It is as remarkable a culture clash as I can recall. In a small, wooden lifeboat straddling the waves of the vast Pacific Ocean sits an Indian teenage boy named Pi and a fully-grown Bengal tiger named Richard Parker. Victims of a shipwreck, they sit at opposite ends of the 27-foot boat, watching the horizon in search of land, food and rescue. Together as man and beast, they drift across the deep blue sea for 227 days, embarking on a death-defying voyage so magnificent and so moving its telling is said to have made many believe in God. While “Life of Pi” did nothing to alter my faith (or lack thereof), it did much to confirm my beliefs in the power of cinema and the miraculous possibilities of storytelling.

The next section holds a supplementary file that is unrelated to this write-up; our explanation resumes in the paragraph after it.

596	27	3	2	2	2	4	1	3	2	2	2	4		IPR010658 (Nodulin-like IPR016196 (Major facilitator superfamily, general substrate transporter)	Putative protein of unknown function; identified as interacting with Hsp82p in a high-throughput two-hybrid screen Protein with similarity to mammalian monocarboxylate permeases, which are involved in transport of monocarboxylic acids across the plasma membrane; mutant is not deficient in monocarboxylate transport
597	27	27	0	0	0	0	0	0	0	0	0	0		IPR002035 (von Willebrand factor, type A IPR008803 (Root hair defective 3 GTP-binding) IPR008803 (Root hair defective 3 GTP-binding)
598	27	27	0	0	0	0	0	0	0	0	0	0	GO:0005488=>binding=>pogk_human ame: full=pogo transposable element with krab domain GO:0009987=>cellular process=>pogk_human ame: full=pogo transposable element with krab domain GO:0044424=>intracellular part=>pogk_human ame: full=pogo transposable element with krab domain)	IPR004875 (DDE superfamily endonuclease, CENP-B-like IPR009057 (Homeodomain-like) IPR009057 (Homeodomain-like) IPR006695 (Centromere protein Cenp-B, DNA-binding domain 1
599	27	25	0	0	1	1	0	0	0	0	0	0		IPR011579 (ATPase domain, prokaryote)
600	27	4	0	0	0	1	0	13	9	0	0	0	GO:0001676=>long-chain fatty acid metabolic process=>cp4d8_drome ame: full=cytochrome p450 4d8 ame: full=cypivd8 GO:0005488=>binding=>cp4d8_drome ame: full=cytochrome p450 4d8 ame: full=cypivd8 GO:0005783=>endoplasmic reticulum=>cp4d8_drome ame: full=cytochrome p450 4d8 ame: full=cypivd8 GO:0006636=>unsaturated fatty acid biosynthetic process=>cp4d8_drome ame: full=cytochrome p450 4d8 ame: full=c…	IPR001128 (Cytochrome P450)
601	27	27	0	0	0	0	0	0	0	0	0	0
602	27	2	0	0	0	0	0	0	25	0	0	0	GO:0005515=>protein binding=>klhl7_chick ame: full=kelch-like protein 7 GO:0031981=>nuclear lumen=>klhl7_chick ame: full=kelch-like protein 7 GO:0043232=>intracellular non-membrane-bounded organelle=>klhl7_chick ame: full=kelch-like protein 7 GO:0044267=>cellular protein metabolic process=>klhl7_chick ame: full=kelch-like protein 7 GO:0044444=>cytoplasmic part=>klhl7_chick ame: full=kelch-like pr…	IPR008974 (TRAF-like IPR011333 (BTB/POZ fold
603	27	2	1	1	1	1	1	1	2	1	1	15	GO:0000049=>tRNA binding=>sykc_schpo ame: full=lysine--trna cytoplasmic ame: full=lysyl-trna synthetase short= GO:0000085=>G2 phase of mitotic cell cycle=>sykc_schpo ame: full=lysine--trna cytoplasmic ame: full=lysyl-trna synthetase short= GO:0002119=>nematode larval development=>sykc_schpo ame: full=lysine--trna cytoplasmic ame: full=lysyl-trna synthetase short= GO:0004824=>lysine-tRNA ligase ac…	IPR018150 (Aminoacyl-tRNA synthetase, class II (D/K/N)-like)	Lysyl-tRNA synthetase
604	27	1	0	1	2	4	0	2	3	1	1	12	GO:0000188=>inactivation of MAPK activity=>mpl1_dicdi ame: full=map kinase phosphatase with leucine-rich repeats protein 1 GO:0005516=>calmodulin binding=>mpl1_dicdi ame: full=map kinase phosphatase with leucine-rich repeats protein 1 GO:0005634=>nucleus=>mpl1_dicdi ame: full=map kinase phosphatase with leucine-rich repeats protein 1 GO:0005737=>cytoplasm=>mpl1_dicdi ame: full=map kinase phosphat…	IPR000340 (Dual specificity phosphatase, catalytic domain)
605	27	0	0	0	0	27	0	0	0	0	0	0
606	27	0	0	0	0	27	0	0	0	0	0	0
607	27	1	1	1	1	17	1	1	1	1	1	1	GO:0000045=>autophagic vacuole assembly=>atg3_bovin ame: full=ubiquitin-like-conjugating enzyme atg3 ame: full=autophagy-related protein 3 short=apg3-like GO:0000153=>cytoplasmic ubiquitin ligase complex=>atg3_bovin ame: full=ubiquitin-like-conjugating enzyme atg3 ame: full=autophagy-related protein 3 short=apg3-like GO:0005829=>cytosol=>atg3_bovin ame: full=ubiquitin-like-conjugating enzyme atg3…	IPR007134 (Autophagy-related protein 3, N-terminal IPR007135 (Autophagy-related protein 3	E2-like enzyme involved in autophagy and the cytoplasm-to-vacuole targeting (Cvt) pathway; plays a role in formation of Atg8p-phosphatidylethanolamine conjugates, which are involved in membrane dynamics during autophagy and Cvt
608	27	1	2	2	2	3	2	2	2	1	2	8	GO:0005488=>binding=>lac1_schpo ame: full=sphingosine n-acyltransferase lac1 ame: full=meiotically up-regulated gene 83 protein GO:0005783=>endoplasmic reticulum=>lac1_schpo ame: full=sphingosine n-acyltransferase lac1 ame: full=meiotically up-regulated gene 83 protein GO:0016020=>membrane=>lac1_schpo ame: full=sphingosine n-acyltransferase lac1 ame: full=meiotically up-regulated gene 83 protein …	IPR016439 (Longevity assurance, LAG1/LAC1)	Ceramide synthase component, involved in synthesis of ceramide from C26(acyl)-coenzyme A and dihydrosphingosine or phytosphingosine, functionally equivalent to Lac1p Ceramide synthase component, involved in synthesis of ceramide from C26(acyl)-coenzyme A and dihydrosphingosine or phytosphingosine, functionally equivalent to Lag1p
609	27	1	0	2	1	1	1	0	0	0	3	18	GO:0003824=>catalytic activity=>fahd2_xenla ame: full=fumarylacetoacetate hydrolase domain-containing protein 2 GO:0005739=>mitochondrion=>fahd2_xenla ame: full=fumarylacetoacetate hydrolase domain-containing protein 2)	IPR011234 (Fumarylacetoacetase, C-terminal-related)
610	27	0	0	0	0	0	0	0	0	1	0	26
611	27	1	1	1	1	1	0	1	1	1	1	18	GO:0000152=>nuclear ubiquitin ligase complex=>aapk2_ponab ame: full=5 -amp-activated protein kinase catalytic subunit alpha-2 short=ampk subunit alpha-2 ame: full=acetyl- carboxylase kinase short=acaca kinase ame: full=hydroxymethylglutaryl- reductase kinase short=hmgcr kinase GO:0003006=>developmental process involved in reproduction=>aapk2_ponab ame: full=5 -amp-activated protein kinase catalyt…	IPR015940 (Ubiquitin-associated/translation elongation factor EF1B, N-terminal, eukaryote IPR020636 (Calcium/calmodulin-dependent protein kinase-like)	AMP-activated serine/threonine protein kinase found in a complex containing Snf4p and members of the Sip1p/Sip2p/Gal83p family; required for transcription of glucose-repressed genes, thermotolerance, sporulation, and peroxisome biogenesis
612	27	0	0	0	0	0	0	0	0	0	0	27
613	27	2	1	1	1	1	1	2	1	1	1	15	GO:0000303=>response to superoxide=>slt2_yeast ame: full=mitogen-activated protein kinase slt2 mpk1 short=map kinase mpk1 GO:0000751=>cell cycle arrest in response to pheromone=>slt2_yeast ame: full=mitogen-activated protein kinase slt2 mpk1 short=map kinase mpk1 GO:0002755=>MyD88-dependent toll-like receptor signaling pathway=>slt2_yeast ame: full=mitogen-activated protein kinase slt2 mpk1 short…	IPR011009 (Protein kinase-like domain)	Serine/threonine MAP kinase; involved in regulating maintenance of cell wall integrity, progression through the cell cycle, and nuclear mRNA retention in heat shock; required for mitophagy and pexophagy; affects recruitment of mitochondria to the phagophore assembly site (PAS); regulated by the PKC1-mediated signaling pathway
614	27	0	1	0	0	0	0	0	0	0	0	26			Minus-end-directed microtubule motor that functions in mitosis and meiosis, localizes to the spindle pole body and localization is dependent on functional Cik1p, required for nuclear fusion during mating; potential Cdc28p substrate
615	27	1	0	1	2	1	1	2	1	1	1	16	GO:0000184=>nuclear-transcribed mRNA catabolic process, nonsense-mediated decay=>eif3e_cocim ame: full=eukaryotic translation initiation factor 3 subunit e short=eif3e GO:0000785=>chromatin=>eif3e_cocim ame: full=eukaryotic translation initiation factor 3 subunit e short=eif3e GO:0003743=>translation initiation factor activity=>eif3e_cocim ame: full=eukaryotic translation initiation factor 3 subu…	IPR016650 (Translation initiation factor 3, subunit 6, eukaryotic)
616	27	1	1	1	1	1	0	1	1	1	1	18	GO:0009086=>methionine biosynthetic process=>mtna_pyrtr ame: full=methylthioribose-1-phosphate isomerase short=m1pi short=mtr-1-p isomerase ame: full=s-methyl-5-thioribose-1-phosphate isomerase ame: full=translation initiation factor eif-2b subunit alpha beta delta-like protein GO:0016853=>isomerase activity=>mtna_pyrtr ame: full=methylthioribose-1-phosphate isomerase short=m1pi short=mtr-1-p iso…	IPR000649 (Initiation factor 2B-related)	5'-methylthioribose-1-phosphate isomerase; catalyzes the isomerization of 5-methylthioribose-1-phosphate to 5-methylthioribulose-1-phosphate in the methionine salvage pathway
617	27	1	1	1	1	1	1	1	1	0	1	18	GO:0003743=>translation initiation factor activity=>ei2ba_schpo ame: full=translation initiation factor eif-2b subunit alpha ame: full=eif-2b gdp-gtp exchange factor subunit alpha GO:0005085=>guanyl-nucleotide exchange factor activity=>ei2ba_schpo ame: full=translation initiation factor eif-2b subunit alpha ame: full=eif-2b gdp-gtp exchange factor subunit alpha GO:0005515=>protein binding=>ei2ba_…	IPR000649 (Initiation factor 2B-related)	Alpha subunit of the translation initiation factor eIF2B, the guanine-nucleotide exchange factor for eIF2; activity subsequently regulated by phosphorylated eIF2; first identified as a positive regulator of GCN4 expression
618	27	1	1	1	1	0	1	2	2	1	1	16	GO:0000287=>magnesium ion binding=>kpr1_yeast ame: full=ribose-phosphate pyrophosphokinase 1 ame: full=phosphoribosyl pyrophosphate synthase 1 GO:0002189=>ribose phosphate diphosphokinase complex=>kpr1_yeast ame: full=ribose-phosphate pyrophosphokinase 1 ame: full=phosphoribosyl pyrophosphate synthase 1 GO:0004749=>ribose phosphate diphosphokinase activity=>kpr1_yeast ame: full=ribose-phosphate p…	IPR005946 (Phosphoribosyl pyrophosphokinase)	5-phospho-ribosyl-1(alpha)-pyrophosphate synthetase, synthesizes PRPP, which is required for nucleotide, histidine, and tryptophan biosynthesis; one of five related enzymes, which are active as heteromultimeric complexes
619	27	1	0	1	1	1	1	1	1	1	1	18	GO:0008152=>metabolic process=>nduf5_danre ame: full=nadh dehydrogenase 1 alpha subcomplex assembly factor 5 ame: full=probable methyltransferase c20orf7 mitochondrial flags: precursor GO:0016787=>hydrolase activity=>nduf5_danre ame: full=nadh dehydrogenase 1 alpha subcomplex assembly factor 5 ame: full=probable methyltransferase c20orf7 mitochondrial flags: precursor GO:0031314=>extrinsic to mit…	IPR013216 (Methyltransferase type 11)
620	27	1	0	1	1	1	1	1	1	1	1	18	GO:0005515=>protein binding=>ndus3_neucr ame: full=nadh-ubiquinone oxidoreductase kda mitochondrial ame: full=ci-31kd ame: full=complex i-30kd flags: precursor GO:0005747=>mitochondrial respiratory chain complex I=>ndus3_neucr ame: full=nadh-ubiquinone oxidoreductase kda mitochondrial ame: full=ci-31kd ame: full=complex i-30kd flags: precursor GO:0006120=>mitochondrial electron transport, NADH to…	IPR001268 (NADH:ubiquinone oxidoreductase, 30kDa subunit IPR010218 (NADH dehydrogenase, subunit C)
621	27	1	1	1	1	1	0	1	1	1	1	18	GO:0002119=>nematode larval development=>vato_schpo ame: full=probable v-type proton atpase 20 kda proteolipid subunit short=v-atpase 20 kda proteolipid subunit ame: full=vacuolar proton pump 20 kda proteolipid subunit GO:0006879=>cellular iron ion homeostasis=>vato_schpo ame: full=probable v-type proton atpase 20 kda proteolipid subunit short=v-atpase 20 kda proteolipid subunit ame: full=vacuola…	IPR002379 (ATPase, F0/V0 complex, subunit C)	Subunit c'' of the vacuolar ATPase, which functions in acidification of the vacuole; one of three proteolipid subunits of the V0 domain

The director is Ang Lee, the Oscar-winning Taiwanese filmmaker who gave us the ground-breaking “Crouching Tiger, Hidden Dragon” in 2000 and the heart-wrenching “Brokeback Mountain” in 2005. It is based on the worldwide bestseller by Yann Martel, published to much acclaim in 2001 and arguably something of a modern classic. With its countless metaphysical elements and physical near-impossibilities, Martel’s spiritually rich novel was, like “Watchmen” and “Cloud Atlas,” popularly deemed “unfilmable.” But when one sees the story unfolding on-screen with such fluidity and grandness under the firm grasp of Lee, one struggles to recall why a faithful and elegant transition from page to screen was considered so unassailable and unthinkable. (Continue Reading…)